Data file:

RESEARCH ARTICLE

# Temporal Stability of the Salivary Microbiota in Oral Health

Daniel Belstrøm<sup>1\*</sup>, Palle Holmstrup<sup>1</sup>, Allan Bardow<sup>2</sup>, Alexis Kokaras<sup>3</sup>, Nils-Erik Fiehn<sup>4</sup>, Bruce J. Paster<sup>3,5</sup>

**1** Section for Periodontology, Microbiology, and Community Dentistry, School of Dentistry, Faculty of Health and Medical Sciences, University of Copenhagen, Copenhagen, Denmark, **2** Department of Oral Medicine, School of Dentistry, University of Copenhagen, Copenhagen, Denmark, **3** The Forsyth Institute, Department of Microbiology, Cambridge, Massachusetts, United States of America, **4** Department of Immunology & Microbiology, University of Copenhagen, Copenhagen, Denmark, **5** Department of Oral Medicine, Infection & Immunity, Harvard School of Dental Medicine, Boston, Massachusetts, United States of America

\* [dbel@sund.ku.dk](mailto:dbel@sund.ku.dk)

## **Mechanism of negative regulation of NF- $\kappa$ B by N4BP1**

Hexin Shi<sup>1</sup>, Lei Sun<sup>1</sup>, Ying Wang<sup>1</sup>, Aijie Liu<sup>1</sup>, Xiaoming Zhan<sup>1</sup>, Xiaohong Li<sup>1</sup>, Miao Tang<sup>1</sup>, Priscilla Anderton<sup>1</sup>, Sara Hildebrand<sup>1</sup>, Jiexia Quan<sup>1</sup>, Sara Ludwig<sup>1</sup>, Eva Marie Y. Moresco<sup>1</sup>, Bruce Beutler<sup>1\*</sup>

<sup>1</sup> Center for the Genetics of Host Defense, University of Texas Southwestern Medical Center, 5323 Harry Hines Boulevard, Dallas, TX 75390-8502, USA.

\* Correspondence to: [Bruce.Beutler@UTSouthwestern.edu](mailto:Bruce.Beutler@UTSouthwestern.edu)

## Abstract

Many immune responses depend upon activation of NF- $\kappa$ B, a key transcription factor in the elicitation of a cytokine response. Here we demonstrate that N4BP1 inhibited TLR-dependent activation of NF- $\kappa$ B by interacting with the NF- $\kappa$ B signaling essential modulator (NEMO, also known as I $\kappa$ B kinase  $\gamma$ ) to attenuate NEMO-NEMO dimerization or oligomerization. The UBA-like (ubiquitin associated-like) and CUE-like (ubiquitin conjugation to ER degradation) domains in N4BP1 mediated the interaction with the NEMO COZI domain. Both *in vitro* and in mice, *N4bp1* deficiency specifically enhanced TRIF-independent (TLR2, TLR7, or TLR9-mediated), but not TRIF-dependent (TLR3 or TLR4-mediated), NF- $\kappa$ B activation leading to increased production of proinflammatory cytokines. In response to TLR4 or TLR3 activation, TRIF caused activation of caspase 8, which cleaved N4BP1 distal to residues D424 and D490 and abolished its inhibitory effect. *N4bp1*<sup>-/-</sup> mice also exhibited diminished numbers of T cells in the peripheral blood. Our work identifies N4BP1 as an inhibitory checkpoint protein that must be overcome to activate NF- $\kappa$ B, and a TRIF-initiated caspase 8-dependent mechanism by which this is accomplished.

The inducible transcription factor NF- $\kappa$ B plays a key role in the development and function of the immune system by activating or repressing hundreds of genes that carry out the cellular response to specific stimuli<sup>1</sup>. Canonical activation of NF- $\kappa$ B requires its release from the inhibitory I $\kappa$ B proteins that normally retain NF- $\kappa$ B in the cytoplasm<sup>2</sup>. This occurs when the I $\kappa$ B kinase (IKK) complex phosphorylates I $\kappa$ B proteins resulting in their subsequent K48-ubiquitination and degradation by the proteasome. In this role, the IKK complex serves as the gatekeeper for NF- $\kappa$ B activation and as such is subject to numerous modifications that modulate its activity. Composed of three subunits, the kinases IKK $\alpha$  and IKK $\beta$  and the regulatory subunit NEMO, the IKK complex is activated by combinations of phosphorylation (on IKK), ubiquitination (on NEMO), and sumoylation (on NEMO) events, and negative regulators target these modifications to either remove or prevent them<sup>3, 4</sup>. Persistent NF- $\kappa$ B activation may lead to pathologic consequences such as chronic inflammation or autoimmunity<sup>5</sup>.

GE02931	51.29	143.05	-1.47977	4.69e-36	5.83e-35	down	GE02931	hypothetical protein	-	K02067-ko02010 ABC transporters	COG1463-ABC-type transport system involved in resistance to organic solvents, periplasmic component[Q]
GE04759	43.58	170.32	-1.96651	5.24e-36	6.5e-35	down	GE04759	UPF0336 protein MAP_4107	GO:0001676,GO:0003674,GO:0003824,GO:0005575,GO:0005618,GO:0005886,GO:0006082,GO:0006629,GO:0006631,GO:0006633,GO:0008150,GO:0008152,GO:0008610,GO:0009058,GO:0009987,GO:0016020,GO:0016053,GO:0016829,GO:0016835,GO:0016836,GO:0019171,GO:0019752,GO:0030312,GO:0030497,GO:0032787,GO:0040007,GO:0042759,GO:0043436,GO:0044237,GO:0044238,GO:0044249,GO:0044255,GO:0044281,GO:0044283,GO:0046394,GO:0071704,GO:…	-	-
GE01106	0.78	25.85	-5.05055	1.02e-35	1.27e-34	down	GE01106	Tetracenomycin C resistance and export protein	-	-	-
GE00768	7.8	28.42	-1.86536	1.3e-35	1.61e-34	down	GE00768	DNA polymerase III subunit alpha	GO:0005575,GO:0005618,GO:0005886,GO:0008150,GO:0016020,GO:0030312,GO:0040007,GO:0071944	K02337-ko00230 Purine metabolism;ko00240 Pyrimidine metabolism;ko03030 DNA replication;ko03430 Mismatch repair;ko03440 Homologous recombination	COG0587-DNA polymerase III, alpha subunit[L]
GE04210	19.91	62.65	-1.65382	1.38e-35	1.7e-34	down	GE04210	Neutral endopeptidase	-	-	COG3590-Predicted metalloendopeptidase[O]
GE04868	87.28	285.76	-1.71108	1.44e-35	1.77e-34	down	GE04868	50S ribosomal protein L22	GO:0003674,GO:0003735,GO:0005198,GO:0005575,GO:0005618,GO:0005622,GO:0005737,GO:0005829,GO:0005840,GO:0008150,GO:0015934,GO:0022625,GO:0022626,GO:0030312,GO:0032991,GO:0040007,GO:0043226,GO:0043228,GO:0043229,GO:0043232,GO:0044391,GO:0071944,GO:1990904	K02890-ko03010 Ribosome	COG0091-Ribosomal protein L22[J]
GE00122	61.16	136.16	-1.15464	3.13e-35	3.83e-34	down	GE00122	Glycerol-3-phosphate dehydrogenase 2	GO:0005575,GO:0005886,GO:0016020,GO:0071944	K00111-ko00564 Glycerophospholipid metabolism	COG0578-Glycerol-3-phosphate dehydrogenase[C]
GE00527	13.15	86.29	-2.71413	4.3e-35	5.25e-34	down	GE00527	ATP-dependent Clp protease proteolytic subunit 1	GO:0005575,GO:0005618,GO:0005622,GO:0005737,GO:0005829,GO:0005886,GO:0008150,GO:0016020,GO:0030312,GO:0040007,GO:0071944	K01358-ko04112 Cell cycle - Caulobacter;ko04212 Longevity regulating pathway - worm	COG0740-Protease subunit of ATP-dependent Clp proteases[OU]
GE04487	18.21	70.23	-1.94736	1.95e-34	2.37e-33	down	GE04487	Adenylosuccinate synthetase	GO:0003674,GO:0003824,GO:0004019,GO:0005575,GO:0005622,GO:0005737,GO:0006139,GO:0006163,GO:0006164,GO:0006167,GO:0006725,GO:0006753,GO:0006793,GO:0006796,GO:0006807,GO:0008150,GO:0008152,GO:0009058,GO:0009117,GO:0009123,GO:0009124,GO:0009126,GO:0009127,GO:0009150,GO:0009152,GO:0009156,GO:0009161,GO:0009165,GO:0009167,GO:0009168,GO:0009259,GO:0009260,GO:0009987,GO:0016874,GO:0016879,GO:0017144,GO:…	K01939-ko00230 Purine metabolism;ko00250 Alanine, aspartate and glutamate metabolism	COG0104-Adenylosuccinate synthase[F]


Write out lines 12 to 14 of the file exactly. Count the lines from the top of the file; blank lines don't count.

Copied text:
The inducible transcription factor NF- $\kappa$ B plays a key role in the development and function of the immune system by activating or repressing hundreds of genes that carry out the cellular response to specific stimuli<sup>1</sup>. Canonical activation of NF- $\kappa$ B requires its release from the inhibitory I $\kappa$ B proteins that normally retain NF- $\kappa$ B in the cytoplasm<sup>2</sup>. This occurs when the I $\kappa$ B kinase (IKK) complex phosphorylates I $\kappa$ B proteins resulting in their subsequent K48-ubiquitination and degradation by the proteasome. In this role, the IKK complex serves as the gatekeeper for NF- $\kappa$ B activation and as such is subject to numerous modifications that modulate its activity. Composed of three subunits, the kinases IKK $\alpha$  and IKK $\beta$  and the regulatory subunit NEMO, the IKK complex is activated by combinations of phosphorylation (on IKK), ubiquitination (on NEMO), and sumoylation (on NEMO) events, and negative regulators target these modifications to either remove or prevent them<sup>3, 4</sup>. Persistent NF- $\kappa$ B activation may lead to pathologic consequences such as chronic inflammation or autoimmunity<sup>5</sup>.

GE02931	51.29	143.05	-1.47977	4.69e-36	5.83e-35	down	GE02931	hypothetical protein	-	K02067-ko02010 ABC transporters	COG1463-ABC-type transport system involved in resistance to organic solvents, periplasmic component[Q]
GE04759	43.58	170.32	-1.96651	5.24e-36	6.5e-35	down	GE04759	UPF0336 protein MAP_4107	GO:0001676,GO:0003674,GO:0003824,GO:0005575,GO:0005618,GO:0005886,GO:0006082,GO:0006629,GO:0006631,GO:0006633,GO:0008150,GO:0008152,GO:0008610,GO:0009058,GO:0009987,GO:0016020,GO:0016053,GO:0016829,GO:0016835,GO:0016836,GO:0019171,GO:0019752,GO:0030312,GO:0030497,GO:0032787,GO:0040007,GO:0042759,GO:0043436,GO:0044237,GO:0044238,GO:0044249,GO:0044255,GO:0044281,GO:0044283,GO:0046394,GO:0071704,GO:…	-	-